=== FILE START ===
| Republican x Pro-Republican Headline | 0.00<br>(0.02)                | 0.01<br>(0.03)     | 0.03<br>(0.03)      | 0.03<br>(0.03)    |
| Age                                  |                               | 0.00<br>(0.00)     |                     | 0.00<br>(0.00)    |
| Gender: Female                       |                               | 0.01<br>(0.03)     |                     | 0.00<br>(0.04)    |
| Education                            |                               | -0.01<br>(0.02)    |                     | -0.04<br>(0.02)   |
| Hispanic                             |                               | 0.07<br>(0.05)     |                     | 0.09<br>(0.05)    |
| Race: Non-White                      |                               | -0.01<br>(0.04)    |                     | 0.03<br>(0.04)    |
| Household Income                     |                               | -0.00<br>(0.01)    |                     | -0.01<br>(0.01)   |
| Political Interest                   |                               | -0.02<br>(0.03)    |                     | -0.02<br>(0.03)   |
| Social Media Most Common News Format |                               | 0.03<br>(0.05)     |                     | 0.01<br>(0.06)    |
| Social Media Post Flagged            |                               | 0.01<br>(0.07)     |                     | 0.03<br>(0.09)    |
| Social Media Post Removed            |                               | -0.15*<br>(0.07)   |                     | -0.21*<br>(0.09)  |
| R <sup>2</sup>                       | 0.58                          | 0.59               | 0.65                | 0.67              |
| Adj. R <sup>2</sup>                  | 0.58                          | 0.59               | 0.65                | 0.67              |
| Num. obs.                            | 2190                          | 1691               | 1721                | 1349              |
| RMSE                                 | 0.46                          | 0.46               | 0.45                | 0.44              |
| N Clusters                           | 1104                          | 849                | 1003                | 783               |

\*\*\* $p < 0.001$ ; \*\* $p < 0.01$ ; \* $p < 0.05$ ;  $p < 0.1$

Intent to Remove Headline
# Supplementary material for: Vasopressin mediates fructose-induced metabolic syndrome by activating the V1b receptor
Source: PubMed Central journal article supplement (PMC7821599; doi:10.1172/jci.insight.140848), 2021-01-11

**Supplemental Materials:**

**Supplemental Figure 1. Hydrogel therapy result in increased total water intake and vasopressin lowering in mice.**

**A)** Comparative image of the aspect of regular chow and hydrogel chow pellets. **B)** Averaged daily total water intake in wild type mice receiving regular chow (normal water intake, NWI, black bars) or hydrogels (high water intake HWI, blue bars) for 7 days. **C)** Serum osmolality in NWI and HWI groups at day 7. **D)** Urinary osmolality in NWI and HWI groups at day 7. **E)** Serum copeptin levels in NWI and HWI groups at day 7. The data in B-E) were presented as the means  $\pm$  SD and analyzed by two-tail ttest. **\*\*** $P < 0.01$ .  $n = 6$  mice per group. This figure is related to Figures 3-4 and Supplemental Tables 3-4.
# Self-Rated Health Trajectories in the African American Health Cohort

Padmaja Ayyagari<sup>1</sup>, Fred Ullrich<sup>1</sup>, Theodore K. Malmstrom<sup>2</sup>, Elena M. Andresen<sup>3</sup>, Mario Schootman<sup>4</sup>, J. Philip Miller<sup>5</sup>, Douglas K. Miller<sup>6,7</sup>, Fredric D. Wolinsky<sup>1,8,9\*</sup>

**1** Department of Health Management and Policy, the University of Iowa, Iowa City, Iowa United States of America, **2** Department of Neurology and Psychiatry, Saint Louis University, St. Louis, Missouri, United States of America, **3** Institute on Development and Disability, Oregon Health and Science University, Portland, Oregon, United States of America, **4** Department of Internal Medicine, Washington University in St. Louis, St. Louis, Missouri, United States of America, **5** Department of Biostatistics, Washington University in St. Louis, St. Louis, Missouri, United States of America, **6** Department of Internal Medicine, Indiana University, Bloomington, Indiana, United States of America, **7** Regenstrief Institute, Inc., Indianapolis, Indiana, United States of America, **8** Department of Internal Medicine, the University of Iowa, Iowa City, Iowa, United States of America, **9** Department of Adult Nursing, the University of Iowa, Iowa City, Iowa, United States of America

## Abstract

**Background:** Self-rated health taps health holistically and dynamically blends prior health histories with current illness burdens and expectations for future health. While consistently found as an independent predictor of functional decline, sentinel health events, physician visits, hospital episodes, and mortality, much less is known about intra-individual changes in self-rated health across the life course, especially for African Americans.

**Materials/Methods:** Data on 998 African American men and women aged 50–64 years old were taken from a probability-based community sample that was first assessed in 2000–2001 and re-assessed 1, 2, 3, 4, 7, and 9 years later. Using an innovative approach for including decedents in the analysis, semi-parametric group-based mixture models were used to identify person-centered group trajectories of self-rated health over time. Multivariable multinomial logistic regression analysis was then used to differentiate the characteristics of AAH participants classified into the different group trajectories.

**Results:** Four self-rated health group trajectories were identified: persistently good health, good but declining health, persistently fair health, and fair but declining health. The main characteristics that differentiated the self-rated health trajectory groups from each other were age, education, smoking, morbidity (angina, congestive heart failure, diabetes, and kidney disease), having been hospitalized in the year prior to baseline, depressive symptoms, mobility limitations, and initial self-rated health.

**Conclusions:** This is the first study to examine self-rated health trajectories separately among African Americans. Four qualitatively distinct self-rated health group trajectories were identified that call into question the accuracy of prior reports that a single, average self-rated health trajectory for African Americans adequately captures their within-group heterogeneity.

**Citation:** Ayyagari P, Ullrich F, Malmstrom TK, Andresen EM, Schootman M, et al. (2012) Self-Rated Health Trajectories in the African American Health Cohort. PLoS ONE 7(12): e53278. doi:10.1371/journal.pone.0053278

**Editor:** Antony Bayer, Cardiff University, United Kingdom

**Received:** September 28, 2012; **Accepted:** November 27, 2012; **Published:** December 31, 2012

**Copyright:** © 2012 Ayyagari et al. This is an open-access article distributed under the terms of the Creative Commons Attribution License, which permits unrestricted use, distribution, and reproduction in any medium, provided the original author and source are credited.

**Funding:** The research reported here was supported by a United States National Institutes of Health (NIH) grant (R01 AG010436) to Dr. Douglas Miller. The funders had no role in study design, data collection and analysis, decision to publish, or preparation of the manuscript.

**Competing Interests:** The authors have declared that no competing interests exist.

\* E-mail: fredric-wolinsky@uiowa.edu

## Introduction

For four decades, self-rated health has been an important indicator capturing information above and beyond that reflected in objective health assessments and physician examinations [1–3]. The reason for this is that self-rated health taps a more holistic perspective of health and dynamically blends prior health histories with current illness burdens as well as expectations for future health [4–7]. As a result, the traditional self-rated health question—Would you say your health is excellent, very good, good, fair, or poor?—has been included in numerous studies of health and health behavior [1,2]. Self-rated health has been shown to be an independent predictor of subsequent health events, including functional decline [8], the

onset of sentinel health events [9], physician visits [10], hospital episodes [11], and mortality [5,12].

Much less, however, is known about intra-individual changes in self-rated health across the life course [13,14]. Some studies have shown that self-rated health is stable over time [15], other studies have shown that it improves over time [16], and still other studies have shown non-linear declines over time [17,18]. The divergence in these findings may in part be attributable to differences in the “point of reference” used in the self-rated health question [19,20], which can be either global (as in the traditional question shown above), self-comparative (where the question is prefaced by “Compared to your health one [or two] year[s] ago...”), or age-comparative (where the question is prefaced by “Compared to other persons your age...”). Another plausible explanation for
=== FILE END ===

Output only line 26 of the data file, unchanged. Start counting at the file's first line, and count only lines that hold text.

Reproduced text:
**1** Department of Health Management and Policy, the University of Iowa, Iowa City, Iowa United States of America, **2** Department of Neurology and Psychiatry, Saint Louis University, St. Louis, Missouri, United States of America, **3** Institute on Development and Disability, Oregon Health and Science University, Portland, Oregon, United States of America, **4** Department of Internal Medicine, Washington University in St. Louis, St. Louis, Missouri, United States of America, **5** Department of Biostatistics, Washington University in St. Louis, St. Louis, Missouri, United States of America, **6** Department of Internal Medicine, Indiana University, Bloomington, Indiana, United States of America, **7** Regenstrief Institute, Inc., Indianapolis, Indiana, United States of America, **8** Department of Internal Medicine, the University of Iowa, Iowa City, Iowa, United States of America, **9** Department of Adult Nursing, the University of Iowa, Iowa City, Iowa, United States of America